Does math ever seem simpler to you — or at least tidier — than history, English, and other subjects? Sometimes it can be comforting to work on problems that have one correct answer. The idea that math is grounded in simple, unchanging rules reassures people looking for straightforward, or at least right (as opposed to wrong) answers.
How have these fish evolved to survive heavily polluted water? Alter and her colleagues investigate answers to this question by examining the guts of the fish they catch. Alter’s team cuts the fish’s intestinal tube into pieces, adds tiny beads, and mixes it up at high speeds, creating a “little fish-gut milkshake.” Then they examine the DNA of the bacteria in the “milkshake,” identifying different species. “Does the fish gut harbor any particular species that we know are good at breaking down certain compounds?” “I’m hoping that these questions help us understand what biodiversity exists in New York in these polluted but recovering ecosystems” and how to make the city’s environment more friendly to different forms of life.
How can a scientist get close enough to a group of animals to observe and record their behaviors but stay far enough away to allow them to feel safe? How does she make sure that the animals don’t become so accustomed to her presence that they change their behavior, developing a close relationship with the scientist watching them?
Computers do amazing things these days. They help us figure out patterns of contagion, identifying places where people are getting sick. And they play key roles in space exploration. Software Architect Erik Antelman helps design and explore computer systems to make these things possible.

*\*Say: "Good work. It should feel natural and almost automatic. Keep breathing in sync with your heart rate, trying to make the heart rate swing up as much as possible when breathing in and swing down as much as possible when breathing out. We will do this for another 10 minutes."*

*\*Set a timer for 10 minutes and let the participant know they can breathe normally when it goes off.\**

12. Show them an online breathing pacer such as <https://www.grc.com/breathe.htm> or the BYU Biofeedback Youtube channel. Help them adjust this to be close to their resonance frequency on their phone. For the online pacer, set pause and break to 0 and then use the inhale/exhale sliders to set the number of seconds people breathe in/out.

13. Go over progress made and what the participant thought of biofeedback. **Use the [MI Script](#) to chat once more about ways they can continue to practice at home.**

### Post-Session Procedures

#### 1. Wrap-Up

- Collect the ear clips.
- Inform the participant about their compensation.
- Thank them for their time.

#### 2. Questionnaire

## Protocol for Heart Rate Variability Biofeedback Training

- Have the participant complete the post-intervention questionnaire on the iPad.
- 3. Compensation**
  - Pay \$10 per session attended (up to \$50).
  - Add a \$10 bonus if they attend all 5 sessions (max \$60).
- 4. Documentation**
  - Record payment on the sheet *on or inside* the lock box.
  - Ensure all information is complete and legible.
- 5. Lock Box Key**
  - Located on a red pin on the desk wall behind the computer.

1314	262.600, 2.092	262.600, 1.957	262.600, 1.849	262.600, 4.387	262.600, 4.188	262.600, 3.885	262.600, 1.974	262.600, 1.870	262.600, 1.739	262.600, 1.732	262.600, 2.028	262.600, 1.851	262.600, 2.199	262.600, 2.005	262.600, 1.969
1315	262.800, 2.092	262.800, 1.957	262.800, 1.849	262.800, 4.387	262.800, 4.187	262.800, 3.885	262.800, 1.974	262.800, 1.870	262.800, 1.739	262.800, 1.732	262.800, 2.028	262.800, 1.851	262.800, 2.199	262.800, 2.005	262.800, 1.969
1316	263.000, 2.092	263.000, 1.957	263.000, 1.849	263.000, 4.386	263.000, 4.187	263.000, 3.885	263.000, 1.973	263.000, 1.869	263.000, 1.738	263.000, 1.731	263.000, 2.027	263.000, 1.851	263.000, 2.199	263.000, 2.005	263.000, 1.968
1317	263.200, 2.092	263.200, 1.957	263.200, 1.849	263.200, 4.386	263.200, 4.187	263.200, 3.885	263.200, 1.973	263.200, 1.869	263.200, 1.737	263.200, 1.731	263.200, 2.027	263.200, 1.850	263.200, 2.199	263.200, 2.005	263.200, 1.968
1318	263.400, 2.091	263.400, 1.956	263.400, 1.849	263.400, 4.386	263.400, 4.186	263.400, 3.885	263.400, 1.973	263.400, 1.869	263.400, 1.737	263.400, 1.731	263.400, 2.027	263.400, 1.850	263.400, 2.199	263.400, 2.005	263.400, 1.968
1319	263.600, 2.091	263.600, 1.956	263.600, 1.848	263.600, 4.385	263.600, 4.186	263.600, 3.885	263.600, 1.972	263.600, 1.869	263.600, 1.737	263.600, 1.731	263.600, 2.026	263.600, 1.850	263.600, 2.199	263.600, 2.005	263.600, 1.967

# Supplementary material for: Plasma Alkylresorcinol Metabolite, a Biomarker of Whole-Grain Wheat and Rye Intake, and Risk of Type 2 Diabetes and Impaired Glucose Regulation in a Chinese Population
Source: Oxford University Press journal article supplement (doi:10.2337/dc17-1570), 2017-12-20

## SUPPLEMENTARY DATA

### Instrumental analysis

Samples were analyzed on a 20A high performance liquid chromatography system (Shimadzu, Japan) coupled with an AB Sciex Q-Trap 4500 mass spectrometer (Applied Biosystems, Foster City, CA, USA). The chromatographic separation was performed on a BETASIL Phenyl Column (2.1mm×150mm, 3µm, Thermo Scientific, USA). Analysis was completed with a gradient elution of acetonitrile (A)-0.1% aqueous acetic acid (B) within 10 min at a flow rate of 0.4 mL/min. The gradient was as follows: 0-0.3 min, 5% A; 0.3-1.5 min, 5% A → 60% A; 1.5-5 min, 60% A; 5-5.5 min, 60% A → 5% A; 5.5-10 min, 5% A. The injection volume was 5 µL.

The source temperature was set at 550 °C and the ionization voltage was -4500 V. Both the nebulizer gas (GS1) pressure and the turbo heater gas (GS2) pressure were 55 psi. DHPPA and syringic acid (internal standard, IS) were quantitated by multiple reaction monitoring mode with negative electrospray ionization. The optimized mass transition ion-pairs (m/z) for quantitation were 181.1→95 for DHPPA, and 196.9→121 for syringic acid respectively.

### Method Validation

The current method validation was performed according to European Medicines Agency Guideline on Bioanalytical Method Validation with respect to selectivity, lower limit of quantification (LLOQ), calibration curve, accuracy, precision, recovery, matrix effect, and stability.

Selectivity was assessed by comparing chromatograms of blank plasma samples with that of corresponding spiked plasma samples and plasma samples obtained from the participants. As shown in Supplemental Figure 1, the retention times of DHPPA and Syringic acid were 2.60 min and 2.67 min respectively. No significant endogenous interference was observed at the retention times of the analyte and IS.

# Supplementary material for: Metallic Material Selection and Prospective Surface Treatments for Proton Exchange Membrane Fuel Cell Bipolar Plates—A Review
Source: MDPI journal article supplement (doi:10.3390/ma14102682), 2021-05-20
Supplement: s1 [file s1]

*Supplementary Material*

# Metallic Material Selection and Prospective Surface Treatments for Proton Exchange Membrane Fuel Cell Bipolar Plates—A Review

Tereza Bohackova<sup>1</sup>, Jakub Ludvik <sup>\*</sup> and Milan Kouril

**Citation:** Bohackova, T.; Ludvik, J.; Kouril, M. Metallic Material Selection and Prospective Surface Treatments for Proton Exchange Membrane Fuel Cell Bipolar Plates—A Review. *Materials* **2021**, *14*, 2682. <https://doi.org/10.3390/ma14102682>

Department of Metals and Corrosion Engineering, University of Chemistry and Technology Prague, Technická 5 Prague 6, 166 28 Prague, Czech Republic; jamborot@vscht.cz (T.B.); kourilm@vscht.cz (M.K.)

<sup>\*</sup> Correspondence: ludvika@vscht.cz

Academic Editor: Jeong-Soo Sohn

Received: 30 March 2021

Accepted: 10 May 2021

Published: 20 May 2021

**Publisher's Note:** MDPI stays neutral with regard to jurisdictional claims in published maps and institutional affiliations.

Windsurfing is not the usual way to find a science career, but for Oceanographer Emmanuel Boss, it was on a windsurfer in the Mediterranean that he first found the inspiration to study the deep blue sea.
How did the cliff swallow cross the road? Read on to find out how Behavioral Ecologist Charles Brown discovered a way that many cliff swallows avoid being hit by cars.
Without bees, bumblebees, and other insects flying from flower to flower, spreading pollen, many plants, including blueberry bushes, would not be able to make the food we eat. Scientists have studied these pollinators for many years, noting that the fruit yields of flowering plants can depend on them.
Math helped Applied Mathematician Erika Camacho adjust to a new school after her family moved to the United States. Can it also help people see better and limit the recruitment efforts of terrorist groups? Camacho creates mathematical models to show scientists how the human retina — the part of the eye that contains the cells known as rods and cones — functions. Her work helps doctors improve treatments for the now-incurable disease retinitis pigmentosa. The eyes of mammals contain photoreceptor cells which absorb light and turn it into electrical signals. Our brains turn those signals into images.
You might be surprised to know how many scientists are employed by the government of the United States. From NASA (the National Aeronautics and Space Administration) to the USGS (the U.S. Geological Survey), scientists explore everything from distant planets and stars to the land beneath our feet. Growing up in Washington D.C., Nicholas Carrera occasionally took summer jobs working for the U.S. government, as clerk-typist, mail carrier, and chemist at the Bureau of Standards. But during the school year, passionate high school teachers inspired him to plan a career in physics and Carrera did not imagine that he would one day return to government work as a diplomat scientist.
Imagine the planets and stars located throughout the universe. Each one moves according to one set of rules, studied by physicists, astronomers, and astrophysicists. Gravity, for instance, applies to objects in space in one way which changes according to laws of physics we understand. Larger bodies (like Earth’s sun) create stronger forces of gravity. The further you are from any very large objects in space, the less you pulled by gravitational force.